Donald Lewis BURLING, Appellant, v. The STATE of Texas, State.
Appellant Donald Lewis Burling and Sherry Knight were acting as parents for L.P., age seven, and her sister, A.M., age ten, while their real mother was serving time in a Texas prison. According to witnesses, the siblings were with Appellant and Sherry in the cab of a U-Haul rental truck, on February 2, 2000. Appellant was driving the U-Haul truck at a high speed on North Sylvania Avenue, when he and Sherry began to argue and the truck began to swerve. Appellant pushed A.M. into Sherry, causing both L.P. and Sherry to fall from the truck onto the pavement. The truck ran over Sherry, killing her. Appellant stopped, and he and A.M. ran back to find Sherry dead in the street. Appellant then walked quickly back to the truck and drove away, leaving L.P. and A.M. alone in the street with Sherry's dead body. Later that day, Appellant was arrested, but denied having a physical altercation with Sherry. He said she accidentally fell from the truck, and when he saw her lying in the street, he “lost it” and left the scene without thinking. Nonetheless, he told the jury that before he left the scene, he asked some unnamed observer to “watch” the two girls. Charged with abandoning a child, Appellant was convicted by a jury and now appeals. We affirm.
Motion to Quash
At trial, the State waived counts one, three, and four. The State went to trial on count two, abandonment of a child. Appellant asserts that an essential element of the offense, that “the child was exposed to an unreasonable risk of harm,” was not included in count two. In pertinent part, the indictment states that Appellant:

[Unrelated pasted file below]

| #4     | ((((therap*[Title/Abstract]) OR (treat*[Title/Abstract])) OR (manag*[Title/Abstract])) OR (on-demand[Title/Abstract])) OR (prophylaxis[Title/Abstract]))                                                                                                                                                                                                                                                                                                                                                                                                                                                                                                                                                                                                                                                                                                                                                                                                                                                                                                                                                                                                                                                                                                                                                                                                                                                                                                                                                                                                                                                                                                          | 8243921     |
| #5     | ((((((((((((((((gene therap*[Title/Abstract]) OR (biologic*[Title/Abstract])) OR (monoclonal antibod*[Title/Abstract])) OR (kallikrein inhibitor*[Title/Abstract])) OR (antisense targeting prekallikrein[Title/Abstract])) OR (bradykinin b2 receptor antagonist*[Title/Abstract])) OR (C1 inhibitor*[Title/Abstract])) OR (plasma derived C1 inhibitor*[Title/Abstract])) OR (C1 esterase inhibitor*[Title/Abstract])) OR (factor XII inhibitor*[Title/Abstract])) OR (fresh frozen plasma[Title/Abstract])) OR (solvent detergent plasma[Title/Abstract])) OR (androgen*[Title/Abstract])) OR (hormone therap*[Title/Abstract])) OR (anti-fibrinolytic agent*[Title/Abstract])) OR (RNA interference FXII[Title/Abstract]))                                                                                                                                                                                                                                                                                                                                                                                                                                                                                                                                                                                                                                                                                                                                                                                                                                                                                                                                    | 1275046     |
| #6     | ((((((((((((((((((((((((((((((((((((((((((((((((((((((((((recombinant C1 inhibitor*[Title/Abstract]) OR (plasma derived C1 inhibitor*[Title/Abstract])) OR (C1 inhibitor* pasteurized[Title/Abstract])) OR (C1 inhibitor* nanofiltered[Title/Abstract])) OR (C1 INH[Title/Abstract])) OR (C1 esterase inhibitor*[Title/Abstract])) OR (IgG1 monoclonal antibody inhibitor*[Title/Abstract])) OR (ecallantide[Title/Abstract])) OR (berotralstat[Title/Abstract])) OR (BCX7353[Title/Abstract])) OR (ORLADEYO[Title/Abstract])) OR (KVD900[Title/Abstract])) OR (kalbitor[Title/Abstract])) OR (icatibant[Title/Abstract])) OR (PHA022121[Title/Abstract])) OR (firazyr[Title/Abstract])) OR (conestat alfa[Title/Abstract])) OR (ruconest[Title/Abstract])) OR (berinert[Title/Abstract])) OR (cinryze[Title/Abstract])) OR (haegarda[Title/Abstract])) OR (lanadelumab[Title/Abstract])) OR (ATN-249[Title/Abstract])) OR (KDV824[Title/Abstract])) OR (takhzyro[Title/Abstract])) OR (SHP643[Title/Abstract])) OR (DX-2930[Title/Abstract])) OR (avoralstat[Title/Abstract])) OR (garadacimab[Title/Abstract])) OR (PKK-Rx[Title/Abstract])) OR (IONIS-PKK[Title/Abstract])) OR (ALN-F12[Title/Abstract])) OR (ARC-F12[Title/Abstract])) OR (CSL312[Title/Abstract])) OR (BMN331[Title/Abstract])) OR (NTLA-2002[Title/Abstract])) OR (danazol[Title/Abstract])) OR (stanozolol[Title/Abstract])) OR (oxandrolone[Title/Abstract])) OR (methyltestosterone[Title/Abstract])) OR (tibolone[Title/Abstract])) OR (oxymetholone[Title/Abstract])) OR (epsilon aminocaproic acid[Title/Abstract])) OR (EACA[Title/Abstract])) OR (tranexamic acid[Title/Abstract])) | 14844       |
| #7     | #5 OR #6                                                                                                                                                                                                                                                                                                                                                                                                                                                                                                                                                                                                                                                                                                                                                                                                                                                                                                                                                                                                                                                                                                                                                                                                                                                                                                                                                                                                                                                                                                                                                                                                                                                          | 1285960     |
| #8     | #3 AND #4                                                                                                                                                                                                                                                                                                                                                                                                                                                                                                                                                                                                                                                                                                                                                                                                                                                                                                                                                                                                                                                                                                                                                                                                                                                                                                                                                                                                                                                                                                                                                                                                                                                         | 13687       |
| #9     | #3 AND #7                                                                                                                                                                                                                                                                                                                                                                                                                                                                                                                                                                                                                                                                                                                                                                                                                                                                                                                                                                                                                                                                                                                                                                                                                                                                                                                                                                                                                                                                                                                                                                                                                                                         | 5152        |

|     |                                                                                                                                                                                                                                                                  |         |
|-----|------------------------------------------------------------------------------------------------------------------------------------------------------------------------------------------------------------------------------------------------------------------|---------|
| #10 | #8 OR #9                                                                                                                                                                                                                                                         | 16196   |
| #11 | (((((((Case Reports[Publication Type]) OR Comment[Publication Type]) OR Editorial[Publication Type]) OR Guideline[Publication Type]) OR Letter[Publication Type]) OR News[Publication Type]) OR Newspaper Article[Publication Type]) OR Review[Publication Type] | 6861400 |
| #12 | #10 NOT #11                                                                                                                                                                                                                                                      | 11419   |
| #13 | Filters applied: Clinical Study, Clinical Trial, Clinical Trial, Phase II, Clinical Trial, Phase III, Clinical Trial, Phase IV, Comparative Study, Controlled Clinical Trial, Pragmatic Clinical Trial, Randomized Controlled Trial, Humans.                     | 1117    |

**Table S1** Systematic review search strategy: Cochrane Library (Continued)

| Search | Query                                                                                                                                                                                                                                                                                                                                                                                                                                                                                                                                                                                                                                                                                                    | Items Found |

did then and there intentionally, abandon [L.P.], a child younger than 15 years of age, by leaving the child in a place, namely, in a street, under circumstances that a reasonable person would believe would place that child in imminent danger of death, bodily injury, and physical and mental impairment.
In Appellant's first issue, he contends the trial court abused its discretion by overruling his motion to quash the indictment for lacking the essential element of the offense and therefore failing to state a complete offense. In his second issue, he contends that because the indictment omitted the essential element, it failed to give him adequate notice; thus, the trial court erred by denying the motion.
Texas Penal Code section 22.041(b) states, “[A] person commits [abandonment of a child] if, having custody, care, or control of a child younger than 15 years, he intentionally abandons the child in any place under circumstances that expose the child to an unreasonable risk of harm.” Tex. Penal Code Ann. § 22.041(b) (Vernon Supp.2002).
If the actor abandons the child under circumstances that a reasonable person would believe would place the child in imminent danger of death, bodily injury, or physical or mental impairment, the punishment is increased to second degree felony status. Tex. Penal Code Ann. § 22.041(e). Abandoning a child under section 22.041(b) is a lesser included offense of section 22.041(e) because the offenses differ in the potential injury. The greater offense requires proof of an event that places a child in “imminent danger of death, bodily injury, or physical or mental impairment.” Tex. Penal Code Ann. § 22.041(e). The lesser included offense under section 22.041(b) merely requires that a child be left in circumstances that expose the child to an “unreasonable risk of harm.” Tex. Penal Code Ann. § 22.041(b).